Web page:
Author(s): Loredo JS, Ziegler MG, AncoliIsrael S, Clausen JL, Dimsdale JE
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Abstract STUDY OBJECTIVE: Obstructive sleep apnea (OSA) patients have a high frequency of arousals. We hypothesized that arousals significantly influence tonic sympathetic nervous system function. DESIGN: We examined the association of 11 variables measuring sympathetic activity, including plasma norepinephrine (NE), urinary NE, and BP measurements, with movement and cortical arousals. PATIENTS: Sixty-seven subjects with various degrees of hypertension and OSA were evaluated. All patients were free from antihypertensive medications. RESULTS: The age (range, 35 to 60 years), weight (range, 100 to 150\% of ideal body weight), and diet of the subjects were similar. The movement arousal index was correlated with daytime baseline plasma NE (BNE), daytime urine NE, mean daytime diastolic BP, and systolic BP during rapid eye movement sleep (r = 0.39 to 0.53; p < or = 0.002). Cortical arousals did not correlate with any of the variables. A multiple regression procedure was performed to examine how well movement arousals predicted those variables with significant correlations. The respiratory disturbance index (RDI) and nighttime pulse oxyhemoglobin saturation were included in the regression equation due to their close association with movement arousals. Movement arousals independently predicted BNE (t  = 2.06; p < 0.05). No other variable independently predicted any of the measurements of sympathetic activity. CONCLUSIONS: These findings suggest that movement arousals may influence daytime sympathetic tone independently of RDI and nighttime saturation.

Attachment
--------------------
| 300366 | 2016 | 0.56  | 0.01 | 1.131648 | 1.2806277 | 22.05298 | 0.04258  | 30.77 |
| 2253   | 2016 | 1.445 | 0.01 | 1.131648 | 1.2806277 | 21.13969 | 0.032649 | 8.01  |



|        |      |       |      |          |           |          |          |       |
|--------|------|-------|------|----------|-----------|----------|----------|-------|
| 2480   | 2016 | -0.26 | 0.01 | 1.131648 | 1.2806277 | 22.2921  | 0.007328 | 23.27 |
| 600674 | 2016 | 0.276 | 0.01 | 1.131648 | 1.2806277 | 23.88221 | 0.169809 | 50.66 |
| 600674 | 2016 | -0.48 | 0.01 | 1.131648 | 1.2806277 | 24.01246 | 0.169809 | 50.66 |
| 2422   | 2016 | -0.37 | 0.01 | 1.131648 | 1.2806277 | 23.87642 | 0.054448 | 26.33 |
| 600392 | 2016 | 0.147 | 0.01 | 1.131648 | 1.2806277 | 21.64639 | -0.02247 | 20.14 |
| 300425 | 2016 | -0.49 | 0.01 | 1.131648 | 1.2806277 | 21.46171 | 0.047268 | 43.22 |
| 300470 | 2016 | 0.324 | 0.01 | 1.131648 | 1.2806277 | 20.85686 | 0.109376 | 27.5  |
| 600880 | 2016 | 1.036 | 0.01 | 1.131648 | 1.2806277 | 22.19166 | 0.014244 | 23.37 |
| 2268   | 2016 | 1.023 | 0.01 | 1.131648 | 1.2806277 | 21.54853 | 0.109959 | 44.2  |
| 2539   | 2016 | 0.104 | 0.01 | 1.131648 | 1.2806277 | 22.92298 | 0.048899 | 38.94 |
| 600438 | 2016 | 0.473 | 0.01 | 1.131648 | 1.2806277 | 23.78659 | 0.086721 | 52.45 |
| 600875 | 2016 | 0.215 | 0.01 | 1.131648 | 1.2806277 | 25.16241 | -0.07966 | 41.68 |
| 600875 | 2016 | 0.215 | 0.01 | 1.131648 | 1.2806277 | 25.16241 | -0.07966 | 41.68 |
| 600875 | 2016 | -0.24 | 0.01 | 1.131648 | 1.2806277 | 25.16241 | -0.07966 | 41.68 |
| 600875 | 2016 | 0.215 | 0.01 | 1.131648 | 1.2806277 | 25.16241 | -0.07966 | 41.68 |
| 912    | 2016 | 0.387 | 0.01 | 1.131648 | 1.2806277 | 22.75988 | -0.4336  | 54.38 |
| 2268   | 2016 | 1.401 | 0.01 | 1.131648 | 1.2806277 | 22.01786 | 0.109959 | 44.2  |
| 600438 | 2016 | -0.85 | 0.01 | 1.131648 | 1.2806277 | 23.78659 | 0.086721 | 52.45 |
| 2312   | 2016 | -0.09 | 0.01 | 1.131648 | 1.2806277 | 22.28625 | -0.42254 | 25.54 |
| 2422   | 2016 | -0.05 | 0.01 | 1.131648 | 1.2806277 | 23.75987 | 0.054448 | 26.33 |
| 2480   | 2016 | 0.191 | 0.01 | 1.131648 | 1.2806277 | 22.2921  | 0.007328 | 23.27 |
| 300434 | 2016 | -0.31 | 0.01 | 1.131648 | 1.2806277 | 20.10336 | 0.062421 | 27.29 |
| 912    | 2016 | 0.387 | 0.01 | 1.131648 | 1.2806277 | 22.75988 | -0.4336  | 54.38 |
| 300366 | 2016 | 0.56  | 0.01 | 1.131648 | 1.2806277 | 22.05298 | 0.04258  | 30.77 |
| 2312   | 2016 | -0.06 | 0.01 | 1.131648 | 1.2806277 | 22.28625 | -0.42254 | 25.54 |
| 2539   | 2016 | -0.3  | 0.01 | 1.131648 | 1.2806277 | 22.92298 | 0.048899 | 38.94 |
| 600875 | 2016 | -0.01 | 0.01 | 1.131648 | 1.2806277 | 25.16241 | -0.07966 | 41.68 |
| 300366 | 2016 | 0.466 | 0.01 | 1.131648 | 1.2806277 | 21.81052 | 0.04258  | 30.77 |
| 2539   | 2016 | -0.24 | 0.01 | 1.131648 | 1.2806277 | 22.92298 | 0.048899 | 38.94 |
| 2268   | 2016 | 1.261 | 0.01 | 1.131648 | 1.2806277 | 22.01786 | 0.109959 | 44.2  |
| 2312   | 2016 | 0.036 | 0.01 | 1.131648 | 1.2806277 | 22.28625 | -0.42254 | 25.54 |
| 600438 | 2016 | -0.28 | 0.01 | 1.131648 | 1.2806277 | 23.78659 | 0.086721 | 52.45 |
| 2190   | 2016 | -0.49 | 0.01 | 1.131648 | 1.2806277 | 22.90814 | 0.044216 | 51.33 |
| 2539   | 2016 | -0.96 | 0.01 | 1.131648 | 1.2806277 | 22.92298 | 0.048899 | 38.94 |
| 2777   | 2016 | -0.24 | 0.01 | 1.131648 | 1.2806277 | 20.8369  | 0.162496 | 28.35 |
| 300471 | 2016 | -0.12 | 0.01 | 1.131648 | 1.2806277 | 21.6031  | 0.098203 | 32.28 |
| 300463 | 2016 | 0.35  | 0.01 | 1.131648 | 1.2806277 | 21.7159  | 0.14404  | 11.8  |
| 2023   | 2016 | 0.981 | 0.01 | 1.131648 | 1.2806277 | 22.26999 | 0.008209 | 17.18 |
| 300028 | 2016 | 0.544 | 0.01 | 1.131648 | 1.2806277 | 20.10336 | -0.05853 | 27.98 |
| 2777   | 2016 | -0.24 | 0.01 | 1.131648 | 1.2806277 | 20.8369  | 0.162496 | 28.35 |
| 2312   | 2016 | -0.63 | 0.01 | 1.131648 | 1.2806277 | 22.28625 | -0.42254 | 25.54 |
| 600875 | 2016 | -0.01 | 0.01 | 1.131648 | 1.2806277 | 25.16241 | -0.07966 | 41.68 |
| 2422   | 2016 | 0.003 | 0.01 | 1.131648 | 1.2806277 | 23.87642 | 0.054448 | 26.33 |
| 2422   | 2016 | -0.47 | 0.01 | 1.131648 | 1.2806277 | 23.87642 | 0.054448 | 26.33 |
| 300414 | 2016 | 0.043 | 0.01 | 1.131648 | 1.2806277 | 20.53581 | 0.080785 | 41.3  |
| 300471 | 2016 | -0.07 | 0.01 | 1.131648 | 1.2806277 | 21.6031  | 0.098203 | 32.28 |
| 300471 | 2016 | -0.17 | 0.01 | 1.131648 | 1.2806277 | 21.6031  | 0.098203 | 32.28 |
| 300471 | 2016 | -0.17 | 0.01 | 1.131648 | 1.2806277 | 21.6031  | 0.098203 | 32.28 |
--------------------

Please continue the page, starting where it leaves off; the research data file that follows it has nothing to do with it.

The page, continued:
This article was published in Chest
and referenced in Journal of Hypertension: Open Access